Meet the Clown Loach
Scientific name:Chromobotia macracanthus (Bleeker, 1852)
Common name: Clown Loach
Synonyms: Botia macracantha, Cobitis macracanthus, Chromobotia macracanthus
Distribution: Malay peninsula, Borneo, Sumatra
Sexual dimorphism: Mature fish deepen considerably and females tend to be bulkier. There are various theories about caudal fin lobe shapes being different, but these are inconclusive.
Feeding: Defrosted frozen bloodworms, white mosquito larvae, brine shrimp, etc; chopped prawns are appreciated by larger fish; manufactured sinking wafers (algae, carnivore wafers…), fresh or blanched vegetables such as cucumber, zuchinni, lightly boiled peas. Other keepers have had success with foods such as watermelon and banana, quality flake food. Will enjoy nibbling at soft or fine leaved aquatic plants.
Water parameters: pH 6.5 – 7.0, Hardness: aim for softer water, Maximum DH: 12
Temperature: 78ºF to 83ºF (25-30°C)
Breeding: No confirmation of natural breeding in the aquarium. Some forced reproduction through the use of hormones on fish farms in the tropics is rumoured. It is known that they are raised by such methods in the Czech Republic.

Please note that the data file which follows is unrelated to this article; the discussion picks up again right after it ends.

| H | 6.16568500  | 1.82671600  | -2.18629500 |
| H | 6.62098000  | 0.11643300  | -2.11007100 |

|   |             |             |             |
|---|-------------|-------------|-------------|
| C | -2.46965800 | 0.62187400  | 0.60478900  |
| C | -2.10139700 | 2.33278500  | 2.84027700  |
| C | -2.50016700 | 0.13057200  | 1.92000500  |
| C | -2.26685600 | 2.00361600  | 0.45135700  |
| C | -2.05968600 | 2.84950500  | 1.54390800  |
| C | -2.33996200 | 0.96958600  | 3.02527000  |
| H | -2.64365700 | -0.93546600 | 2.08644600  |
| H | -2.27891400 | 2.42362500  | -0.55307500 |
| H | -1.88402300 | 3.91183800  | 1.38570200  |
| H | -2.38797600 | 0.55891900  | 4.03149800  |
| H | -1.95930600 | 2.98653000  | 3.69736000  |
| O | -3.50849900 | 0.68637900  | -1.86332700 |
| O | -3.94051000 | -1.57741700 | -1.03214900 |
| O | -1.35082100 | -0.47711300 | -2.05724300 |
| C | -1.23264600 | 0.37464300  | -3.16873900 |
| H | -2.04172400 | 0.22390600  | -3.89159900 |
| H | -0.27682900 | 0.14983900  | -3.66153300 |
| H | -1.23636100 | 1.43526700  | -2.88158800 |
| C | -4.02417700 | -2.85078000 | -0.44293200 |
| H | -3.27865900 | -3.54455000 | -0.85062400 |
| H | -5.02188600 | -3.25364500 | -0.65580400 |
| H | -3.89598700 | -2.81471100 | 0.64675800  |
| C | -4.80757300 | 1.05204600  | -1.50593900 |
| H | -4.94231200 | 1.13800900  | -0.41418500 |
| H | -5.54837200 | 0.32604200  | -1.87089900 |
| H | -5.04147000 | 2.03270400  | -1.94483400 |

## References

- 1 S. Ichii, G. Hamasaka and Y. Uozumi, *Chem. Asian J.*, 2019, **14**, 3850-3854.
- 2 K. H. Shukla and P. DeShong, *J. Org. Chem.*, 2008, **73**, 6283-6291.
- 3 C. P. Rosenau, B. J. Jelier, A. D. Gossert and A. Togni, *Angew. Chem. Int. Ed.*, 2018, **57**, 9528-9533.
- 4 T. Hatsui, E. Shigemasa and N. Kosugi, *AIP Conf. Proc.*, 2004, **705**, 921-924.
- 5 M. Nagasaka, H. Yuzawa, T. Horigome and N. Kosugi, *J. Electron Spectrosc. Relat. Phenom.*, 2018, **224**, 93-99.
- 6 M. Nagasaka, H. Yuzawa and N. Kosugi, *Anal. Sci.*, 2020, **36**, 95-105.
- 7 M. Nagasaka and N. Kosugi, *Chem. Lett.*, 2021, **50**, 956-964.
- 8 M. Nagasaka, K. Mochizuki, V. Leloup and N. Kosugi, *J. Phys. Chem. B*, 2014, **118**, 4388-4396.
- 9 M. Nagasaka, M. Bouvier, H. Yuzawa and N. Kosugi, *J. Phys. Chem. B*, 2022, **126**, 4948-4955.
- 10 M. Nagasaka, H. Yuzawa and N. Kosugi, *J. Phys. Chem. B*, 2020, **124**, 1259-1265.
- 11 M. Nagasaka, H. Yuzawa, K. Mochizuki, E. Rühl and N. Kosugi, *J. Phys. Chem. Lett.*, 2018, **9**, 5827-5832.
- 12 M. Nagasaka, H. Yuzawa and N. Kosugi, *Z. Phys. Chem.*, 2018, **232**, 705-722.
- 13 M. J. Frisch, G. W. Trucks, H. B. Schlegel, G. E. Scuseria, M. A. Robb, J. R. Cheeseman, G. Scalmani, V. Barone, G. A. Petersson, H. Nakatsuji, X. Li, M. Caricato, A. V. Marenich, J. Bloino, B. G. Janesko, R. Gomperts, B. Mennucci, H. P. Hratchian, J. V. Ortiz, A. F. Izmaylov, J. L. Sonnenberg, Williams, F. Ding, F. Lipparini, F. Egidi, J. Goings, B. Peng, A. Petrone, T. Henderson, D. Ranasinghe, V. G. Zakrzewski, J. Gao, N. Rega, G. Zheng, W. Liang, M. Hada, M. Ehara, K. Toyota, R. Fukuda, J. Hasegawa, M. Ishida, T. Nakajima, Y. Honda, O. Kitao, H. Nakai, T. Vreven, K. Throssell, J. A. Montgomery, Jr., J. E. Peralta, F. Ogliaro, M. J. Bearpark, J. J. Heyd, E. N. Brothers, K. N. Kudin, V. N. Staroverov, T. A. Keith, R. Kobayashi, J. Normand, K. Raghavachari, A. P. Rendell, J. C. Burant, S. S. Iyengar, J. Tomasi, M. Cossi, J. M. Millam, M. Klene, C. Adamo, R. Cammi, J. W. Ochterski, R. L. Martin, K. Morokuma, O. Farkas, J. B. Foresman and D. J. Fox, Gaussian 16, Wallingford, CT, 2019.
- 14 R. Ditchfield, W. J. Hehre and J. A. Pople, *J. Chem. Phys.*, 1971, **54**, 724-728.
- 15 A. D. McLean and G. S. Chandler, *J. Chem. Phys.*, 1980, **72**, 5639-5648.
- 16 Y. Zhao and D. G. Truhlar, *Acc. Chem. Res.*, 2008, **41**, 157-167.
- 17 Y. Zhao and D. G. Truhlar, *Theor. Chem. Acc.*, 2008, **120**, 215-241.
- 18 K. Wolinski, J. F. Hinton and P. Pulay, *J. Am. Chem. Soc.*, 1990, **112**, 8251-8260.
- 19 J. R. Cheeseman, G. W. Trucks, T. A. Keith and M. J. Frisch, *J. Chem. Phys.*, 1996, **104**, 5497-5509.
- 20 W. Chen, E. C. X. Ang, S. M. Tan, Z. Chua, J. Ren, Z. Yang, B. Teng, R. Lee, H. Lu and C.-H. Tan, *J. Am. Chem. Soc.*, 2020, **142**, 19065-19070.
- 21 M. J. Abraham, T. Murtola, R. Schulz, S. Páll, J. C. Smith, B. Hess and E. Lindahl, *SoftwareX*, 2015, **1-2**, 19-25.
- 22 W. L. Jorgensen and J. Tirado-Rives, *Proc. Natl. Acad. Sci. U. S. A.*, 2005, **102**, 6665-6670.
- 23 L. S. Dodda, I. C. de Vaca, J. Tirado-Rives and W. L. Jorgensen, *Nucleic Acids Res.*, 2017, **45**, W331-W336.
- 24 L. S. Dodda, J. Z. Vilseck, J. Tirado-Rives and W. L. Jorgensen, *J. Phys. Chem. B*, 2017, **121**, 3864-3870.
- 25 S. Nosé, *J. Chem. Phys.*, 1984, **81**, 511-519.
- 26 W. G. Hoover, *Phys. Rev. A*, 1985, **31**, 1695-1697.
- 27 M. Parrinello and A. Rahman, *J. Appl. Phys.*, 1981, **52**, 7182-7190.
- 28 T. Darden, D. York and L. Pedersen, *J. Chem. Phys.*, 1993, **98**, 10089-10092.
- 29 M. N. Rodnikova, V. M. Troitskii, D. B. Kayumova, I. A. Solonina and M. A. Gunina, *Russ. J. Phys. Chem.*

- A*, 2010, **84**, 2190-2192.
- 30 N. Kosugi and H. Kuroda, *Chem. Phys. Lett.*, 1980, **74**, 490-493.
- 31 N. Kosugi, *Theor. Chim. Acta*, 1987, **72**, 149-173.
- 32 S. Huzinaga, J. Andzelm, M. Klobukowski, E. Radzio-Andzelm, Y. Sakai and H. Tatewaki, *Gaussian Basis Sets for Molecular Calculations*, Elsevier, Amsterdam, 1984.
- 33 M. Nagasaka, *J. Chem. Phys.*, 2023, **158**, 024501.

Maximum size: 16 inches
Care: This is a wonderful loach, but too large for most hobbyist aquariums. Allowed a minimum of 75 gallons or more, young Clown Loaches thrive in groups. They require large turnover, efficient filtration systems and current supplied by additional power-heads, frequent water-changes and great attention to cleanliness in the aquarium.
The tank should have subdued lighting, a soft, preferably sand substrate, and numerous hiding places provided made from rock-work or driftwood. Plants should be strong and resilient because large Clowns can be hard on them. They may uproot them, or punch holes in the leaves. Plant species must be capable of low-light environments.
Clowns are somewhat nocturanal in nature and often very lively in the early morning and after dusk. The addition of a blue moon light tube, or some other form of blue lighting, phased to come on before the main lights, and go off after them, will allow the owner to observe the fish at their most liveliest and entertaining. This will also avoid the fish being shocked by a sudden change in brightness.
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